Harrisburg, Pa. — The PA Turnpike Commission (PTC) delivered its final $450 million payment to PennDOT for transit systems around the state on Wednesday, as mandated by Act 44 of 2007.

The final payment brings the total transferred over the last 15 years to $7.9 billion. The payments have driven significant annual toll increases and deep cuts to the Turnpike’s capital plan to rebuild and expand its aging system.

“Today we are making our last annual payment of $450 million to PennDOT,” said PA Turnpike CEO Mark Compton. “This marks our final major payment to PennDOT, but it also marks our next, unburdened, step into our financial future.

“Our $7.9 billion of payments over 15 years have supported highways, bridges, public transit services, and associated facilities that benefit Pennsylvanians in every county," Compton continued. "The commission and our customers have done our fair share to support ground transportation statewide, but we now look forward to returning focus to our own system and investing in its future.”

Compton was joined by PennDOT Deputy Secretary for Multimodal Transportation Jennie Granger, PA Turnpike Chief Engineer Bradley Heigel, and at a news conference Wednesday to announce the final $450 million payment.

Under Act 89 of 2013, the PTC’s payment drops from $450 million annually to $50 million at the end of this current fiscal year; at that time, $450 million for transit will come from the state’s General Fund.

Lawmakers will have to address this shift in the next state budget, explained Deputy Secretary Granger. “These investments have helped communities across the state, but as per Act 89, the funding source will shift from the PTC to the use of vehicle sales tax revenues, specifically the Commonwealth's Motor Vehicle Sales and Use Tax,” Granger said.

“We have more projects and services that need to become reality, and we will continue working with our partners on sustainable, long-term revenue options,” Granger continued.

Before the enactment of Act 44 of 2007, the PTC raised tolls only six times in 64 years. 

Toll dollars met only the needs of the toll system as originally intended. After the enactment of Act 44, the Turnpike was forced to raise tolls from 2009 onward and take on stifling debt.

“With about 200 million vehicles on our roadway each year, our greatest obligation is to ensure safe travel for our customers and keep this roadway in good working order,” Chief Engineer Heigel explained.

“While we regularly outpace national standards in safety, quality, and mobility, this became extremely challenging under the financial obligation mandated by Act 44 which caused us to defer adding new capacity including more lanes and new interchanges.

“In essence, we could only focus on what we call ‘protection’ projects, which are those that maintain the roadway and shelve, for the most part, our ‘performance’ projects which are those that improve upon our system," Heigel said. "These limited methods don’t last as long as true longterm reconstruction.”

Heigel highlighted several critical projects that were deferred because of the Act 44 payments.

Now, the PTC can start to get back on track with its investments to completely rebuild and widen sections of its roadway — some of which are turning 81 years old this fall — starting with a two-mile segment in Chester County.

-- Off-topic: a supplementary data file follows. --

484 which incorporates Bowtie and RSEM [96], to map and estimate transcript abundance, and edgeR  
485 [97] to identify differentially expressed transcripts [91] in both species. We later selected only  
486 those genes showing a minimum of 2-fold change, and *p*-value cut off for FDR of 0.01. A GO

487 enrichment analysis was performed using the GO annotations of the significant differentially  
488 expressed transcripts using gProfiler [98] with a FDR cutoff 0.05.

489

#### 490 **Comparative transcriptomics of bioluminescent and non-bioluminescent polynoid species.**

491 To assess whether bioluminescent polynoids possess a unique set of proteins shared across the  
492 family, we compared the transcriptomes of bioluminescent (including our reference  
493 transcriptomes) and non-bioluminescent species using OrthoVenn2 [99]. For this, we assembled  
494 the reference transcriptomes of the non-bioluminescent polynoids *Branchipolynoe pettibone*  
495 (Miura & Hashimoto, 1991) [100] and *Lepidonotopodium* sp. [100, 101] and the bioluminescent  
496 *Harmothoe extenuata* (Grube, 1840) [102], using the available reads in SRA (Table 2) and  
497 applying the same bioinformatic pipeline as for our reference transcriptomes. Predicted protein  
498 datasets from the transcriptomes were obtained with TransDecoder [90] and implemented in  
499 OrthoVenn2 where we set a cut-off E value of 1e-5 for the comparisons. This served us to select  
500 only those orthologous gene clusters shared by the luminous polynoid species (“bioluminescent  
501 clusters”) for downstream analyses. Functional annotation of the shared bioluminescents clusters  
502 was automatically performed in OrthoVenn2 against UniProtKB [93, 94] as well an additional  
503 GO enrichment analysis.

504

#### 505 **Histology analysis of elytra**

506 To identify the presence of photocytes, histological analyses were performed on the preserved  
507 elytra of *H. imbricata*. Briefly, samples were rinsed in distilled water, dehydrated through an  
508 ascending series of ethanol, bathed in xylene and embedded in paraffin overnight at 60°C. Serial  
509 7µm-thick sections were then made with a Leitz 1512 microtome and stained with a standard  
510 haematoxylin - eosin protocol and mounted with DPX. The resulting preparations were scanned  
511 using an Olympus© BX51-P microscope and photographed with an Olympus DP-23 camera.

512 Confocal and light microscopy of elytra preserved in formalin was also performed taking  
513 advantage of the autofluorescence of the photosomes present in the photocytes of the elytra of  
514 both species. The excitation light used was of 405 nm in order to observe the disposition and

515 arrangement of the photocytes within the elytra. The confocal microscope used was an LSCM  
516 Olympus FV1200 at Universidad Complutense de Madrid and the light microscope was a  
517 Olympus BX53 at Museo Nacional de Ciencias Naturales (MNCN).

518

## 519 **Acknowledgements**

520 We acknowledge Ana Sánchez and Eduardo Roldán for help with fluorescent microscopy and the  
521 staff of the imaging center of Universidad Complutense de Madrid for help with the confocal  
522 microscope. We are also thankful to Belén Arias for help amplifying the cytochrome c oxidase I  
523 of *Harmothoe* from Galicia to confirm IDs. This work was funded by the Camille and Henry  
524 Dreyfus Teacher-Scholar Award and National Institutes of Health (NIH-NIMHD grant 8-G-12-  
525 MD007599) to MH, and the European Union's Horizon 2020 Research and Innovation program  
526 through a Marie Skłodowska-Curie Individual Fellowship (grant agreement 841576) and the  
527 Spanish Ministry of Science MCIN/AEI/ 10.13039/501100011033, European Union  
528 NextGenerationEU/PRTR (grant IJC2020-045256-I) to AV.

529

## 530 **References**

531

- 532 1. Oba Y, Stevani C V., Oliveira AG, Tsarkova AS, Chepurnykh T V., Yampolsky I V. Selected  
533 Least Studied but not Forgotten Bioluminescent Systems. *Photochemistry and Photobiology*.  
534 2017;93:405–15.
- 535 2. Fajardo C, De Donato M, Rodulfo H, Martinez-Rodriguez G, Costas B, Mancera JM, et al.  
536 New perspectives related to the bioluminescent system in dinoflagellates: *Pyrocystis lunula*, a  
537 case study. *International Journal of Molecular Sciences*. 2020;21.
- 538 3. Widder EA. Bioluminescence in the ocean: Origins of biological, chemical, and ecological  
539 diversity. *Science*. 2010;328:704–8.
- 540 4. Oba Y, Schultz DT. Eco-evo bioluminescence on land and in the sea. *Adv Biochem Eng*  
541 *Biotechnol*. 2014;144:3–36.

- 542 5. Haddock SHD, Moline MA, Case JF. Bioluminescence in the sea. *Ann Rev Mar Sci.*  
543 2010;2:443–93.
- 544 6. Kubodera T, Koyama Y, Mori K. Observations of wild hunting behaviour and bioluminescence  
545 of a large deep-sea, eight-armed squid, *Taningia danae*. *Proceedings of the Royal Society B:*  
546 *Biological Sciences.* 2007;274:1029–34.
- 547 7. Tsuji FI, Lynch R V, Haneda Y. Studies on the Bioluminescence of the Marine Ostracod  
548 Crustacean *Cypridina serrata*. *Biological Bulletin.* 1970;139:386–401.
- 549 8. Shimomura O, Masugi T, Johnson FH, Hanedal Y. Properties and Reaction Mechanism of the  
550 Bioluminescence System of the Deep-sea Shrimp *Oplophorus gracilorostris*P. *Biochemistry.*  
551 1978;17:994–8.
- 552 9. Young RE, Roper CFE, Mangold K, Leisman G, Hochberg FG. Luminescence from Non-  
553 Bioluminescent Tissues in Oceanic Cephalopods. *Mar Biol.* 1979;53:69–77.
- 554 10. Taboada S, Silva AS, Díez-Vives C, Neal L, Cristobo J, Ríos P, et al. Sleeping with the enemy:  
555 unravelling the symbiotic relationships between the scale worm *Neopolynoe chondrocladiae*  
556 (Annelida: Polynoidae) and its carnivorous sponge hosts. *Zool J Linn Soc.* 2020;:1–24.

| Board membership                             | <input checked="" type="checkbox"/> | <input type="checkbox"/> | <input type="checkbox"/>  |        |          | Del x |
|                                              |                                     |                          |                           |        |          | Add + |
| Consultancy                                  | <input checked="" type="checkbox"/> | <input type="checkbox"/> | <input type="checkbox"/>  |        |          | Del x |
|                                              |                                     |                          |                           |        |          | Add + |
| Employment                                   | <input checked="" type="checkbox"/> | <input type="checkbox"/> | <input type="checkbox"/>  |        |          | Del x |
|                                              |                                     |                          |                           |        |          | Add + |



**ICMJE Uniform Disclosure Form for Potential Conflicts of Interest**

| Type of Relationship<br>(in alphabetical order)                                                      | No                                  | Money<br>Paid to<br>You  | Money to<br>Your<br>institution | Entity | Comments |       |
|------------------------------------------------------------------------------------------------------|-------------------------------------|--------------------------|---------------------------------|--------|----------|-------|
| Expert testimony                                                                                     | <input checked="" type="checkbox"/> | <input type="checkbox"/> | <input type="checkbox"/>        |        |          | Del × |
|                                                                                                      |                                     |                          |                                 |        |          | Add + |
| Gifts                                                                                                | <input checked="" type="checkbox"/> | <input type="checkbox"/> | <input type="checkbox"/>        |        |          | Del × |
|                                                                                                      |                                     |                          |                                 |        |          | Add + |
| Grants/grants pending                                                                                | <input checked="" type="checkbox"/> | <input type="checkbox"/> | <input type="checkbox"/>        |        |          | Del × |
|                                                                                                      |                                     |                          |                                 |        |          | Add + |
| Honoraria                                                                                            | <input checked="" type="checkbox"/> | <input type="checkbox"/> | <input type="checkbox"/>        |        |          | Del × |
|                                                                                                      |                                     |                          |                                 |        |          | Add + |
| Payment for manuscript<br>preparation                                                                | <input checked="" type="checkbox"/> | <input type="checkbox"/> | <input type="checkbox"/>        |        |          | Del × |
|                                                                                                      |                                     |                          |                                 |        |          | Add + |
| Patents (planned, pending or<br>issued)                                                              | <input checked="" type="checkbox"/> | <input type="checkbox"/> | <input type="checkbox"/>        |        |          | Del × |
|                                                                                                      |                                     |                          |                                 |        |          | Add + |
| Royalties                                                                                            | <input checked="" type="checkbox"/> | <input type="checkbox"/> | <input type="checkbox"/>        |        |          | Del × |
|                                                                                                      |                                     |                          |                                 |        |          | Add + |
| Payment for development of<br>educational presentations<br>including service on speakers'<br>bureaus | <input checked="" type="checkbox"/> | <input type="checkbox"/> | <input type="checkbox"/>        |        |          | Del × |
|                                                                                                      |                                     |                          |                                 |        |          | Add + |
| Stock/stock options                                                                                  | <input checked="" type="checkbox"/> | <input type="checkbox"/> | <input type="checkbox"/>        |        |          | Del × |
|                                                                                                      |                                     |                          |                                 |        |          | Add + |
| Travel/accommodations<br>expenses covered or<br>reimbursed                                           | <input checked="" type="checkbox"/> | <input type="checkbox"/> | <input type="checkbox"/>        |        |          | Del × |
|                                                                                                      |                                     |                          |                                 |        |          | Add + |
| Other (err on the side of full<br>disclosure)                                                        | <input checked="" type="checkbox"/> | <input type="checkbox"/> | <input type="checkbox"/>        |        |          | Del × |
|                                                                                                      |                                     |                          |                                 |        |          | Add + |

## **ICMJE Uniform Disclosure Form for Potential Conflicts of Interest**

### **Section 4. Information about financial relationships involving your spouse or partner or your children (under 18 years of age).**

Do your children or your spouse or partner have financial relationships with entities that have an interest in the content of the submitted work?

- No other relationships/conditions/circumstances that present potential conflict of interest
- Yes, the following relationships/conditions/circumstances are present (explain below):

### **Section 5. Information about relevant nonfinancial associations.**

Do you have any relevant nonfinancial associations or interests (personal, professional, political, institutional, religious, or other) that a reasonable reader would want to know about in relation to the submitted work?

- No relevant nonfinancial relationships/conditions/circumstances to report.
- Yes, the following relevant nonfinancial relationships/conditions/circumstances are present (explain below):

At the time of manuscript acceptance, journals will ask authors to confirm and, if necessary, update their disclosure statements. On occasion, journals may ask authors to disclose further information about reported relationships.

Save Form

Other major projects gradually being added back into PTC plans include various tunnel improvements, the Delaware River Bridge, Hawks Falls Bridge and Beaver River Bridge replacements as well as several new interchange projects.

Due mainly to Act 44 payments, the commission today has $14 billion in total debt, which matches the Commonwealth’s General Obligation debt.

“We have managed the debt placed upon us by making smart borrowing decisions, reining in spending to the most critical of projects and controlling our operating budget,” explained Chief Financial Officer Dreher.

“While we are moving on from this obligation, like anyone who must borrow to cover a big expense like a home or education, we must continue paying the debt service for 30 years," Dreher said. "Admittedly, that’s a long road, and unfortunately, our customers will not feel direct toll relief. But our annual toll increase will be less and less as we progress through our debt.”

Earlier this month, the commission announced a 2022 toll increase of 5% — slightly lower than the 6% increases that approved every year since 2016.

Due to the commission’s massive debt, incurred mainly to fund the Act 44 payments, tolls will increase for the foreseeable future, but those annual increases, which are based on current traffic and revenue projections, will be reduced to 3% by 2028.

“By returning control of our finances, the commission can invest in our system which means rebuilding and bettering our roadway as well as adding new access points and supporting the economic development that often follows,” concluded Compton.

“We will continue to participate in efforts such as the Mobility Partnerships and the Transportation Revenue Options Commission to assist the Legislature, Stakeholders and PennDOT in their efforts to find a sustainable funding source for the Commonwealth’s ground-transportation systems.”

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